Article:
Georgia’s Senate Health and Human Services Committee on Tuesday passed a bill to give the governor power to shape two programs that could improve access to government-funded health care for more Georgians.
The measure, Senate Bill 106, passed the committee on a 9-4 vote, with mostly Republicans voting against the Democratic minority. The Democrats objected to voting so quickly with little debate on such an important bill.
SB 106, proposed by Gov. Brian Kemp, has the potential to make sweeping changes in Georgia health care — or just small ones.
It would authorize the governor to seek two “waivers” from the federal government that would allow the state to create government-funded health care initiatives here, but to reshape the rules for them in a way that Georgia officials believe would work better for this state. But the bill, 17 lines long, doesn’t get too specific about how ambitious the goals of those initiatives would be. It gives the governor the power to make those choices after the bill becomes law.
Then Georgia would apply for the waivers, and the federal government would decide whether to grant them.
One of the waivers would be for a new initiative under the Medicaid program, possibly to expand coverage to poor people who currently have no insurance.But Medicaid, the state and federal program that pays for health care for the poor and some disabled people, mostly does not cover low-income childless adults in Georgia.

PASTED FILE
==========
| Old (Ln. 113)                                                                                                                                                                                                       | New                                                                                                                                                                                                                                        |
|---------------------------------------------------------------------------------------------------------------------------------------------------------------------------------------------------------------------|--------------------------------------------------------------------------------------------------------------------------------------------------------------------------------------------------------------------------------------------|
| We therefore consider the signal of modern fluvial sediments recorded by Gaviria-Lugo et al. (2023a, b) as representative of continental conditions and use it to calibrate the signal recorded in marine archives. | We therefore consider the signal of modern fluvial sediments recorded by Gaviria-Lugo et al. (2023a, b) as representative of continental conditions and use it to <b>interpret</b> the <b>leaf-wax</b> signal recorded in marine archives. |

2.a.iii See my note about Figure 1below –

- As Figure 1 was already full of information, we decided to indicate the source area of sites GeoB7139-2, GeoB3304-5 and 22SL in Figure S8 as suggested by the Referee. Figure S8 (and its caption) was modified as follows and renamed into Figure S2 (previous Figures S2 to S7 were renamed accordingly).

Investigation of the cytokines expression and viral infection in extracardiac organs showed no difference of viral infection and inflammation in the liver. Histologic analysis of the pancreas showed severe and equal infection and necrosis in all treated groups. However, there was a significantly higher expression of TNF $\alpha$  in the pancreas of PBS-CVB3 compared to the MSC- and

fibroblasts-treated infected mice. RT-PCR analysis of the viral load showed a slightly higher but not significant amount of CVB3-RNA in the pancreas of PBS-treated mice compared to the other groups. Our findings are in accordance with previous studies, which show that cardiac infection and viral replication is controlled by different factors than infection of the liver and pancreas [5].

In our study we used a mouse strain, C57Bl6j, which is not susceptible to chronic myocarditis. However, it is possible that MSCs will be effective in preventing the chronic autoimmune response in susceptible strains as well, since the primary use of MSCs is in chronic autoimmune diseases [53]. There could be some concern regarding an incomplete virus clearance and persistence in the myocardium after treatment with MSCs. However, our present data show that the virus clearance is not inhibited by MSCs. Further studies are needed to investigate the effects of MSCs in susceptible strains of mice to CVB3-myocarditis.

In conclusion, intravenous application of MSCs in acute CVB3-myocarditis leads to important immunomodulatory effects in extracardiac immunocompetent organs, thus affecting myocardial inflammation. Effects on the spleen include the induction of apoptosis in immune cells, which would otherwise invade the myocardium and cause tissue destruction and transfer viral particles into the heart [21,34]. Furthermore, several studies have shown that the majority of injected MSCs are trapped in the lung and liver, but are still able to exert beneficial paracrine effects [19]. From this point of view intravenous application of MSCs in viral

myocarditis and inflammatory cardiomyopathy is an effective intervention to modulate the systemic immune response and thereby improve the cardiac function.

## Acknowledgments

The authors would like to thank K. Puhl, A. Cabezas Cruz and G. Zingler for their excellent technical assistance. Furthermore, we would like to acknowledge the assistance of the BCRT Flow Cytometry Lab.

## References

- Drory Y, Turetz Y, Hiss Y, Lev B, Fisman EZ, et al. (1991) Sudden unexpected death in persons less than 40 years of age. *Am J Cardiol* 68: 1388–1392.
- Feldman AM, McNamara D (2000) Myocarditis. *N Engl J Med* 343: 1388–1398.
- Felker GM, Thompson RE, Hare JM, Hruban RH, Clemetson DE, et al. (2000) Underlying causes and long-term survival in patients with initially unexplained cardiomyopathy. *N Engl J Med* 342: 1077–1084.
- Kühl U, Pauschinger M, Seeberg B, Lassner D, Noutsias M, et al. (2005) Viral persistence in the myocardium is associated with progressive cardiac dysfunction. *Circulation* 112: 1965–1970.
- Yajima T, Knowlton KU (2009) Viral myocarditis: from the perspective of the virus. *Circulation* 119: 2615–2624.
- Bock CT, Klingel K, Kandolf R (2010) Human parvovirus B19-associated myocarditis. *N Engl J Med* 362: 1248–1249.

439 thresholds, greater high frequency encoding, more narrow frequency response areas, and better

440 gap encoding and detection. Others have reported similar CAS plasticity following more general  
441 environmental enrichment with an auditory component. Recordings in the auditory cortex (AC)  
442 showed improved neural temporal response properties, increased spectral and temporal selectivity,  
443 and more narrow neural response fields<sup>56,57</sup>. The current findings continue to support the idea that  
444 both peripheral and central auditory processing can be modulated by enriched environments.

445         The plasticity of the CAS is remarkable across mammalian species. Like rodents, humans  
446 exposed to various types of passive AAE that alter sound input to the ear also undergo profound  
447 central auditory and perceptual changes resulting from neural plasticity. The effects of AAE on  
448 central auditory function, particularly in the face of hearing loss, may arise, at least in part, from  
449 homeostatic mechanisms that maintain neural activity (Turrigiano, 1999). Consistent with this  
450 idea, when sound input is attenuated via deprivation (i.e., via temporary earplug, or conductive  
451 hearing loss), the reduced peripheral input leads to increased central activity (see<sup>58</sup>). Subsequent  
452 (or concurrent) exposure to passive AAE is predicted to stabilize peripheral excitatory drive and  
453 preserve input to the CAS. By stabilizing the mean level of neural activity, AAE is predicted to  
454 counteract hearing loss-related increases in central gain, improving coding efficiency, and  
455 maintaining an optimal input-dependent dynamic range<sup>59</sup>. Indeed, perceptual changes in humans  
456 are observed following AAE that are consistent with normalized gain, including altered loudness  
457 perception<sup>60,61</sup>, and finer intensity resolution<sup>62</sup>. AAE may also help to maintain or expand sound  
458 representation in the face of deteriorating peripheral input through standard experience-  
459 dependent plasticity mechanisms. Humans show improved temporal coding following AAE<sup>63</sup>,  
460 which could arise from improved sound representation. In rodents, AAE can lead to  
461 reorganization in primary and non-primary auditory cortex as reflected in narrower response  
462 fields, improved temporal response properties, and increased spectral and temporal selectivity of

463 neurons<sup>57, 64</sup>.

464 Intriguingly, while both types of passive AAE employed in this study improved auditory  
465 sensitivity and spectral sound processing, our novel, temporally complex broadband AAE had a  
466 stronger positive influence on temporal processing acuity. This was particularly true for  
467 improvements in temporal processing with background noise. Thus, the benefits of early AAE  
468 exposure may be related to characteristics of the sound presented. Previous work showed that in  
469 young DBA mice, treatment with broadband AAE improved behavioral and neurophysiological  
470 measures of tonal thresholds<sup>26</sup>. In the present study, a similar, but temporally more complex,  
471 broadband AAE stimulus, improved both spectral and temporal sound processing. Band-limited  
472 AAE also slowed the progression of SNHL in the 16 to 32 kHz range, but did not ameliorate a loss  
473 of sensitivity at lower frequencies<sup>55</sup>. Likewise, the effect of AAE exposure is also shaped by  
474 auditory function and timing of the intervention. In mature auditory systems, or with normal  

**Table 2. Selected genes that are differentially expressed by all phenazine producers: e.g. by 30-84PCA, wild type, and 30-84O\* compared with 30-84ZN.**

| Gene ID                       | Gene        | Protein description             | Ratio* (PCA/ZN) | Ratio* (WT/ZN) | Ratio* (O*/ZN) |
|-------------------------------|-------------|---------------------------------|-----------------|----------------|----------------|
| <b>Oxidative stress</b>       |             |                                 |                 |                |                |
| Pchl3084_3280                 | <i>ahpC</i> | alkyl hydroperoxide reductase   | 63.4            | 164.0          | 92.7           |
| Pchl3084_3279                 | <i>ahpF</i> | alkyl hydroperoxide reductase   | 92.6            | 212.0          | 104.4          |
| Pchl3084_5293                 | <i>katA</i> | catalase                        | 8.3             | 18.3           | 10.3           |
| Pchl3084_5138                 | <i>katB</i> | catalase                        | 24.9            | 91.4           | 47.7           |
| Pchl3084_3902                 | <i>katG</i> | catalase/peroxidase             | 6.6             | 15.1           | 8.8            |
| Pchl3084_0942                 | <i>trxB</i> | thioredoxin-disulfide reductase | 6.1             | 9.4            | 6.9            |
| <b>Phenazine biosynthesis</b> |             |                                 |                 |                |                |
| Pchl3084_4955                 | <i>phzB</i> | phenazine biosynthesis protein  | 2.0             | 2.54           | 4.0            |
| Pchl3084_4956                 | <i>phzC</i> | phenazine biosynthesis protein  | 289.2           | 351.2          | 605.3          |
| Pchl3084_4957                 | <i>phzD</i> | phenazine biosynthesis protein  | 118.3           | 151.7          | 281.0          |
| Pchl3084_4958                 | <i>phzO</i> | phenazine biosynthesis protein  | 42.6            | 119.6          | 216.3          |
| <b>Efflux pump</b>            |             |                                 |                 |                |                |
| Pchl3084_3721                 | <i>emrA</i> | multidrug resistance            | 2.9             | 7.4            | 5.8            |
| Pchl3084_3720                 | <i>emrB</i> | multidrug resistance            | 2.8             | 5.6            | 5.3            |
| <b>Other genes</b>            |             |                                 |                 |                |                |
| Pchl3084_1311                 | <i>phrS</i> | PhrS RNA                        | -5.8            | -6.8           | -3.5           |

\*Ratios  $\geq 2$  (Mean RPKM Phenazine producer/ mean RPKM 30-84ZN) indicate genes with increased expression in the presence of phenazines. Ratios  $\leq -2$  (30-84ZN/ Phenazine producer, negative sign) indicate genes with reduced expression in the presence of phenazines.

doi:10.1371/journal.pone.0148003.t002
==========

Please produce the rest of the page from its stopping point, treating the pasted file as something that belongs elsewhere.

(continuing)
The other waiver would be for a new initiative under the Affordable Care Act health insurance exchange aimed at helping to stabilize the private insurance market.
Witnesses across the political spectrum each testified they supported the idea of a waiver, but each offered his or her own hopes about what it would do.
Kemp hailed the committee passage in a statement, adding that he looked forward to working with the full Senate and House “to pass this measure and ultimately put Georgia patients first.”
Lt. Gov. Geoff Duncan, who oversees the Senate, joined in Kemp’s statement, saying that he applauded the committee’s chairman, state Sen. Ben Watson, R-Savannah, and the committee “for today’s substantive deliberation and decisive action.” Duncan has stood publicly with Kemp on the bill, but the House may offer a more difficult path.
Kemp intends to hire consultants to research what to do before he makes his choices. If those choices require money, the General Assembly would still have the power to fund them or not.
Opponents said there should be more debate over SB 106 and that the bill should provide for more legislative input on the waivers.
Within the space of about an hour, 14 witnesses testified before the Senate committee, each for three minutes or less. The committee then discussed what it heard and voted.
One of the issues Democrats wanted to discuss was the cap within the bill on the poor population to be considered for the Medicaid waiver. The bill caps the population who could benefit at those who make up to 100 percent of the federal poverty level, or about $12,000 a year for a single individual. Federal law gives states the option to consider more people for Medicaid, up to 138 percent of the federal poverty level, or about $16,000 a year for an individual.
As Watson called for a vote, Senate Minority Leader Steve Henson, D-Stone Mountain, tried in vain to offer an amendment to the bill that would allow the governor to investigate options for people who make up to 138 percent of the poverty level. Watson held the vote, and it passed with no amendments.
Watson acknowledged that the bill “in my opinion is one of the most important bills we do this session or maybe over the next four years.” But after the meeting he said the time for a vote had come because the subject of health care has long been discussed in the Legislature.
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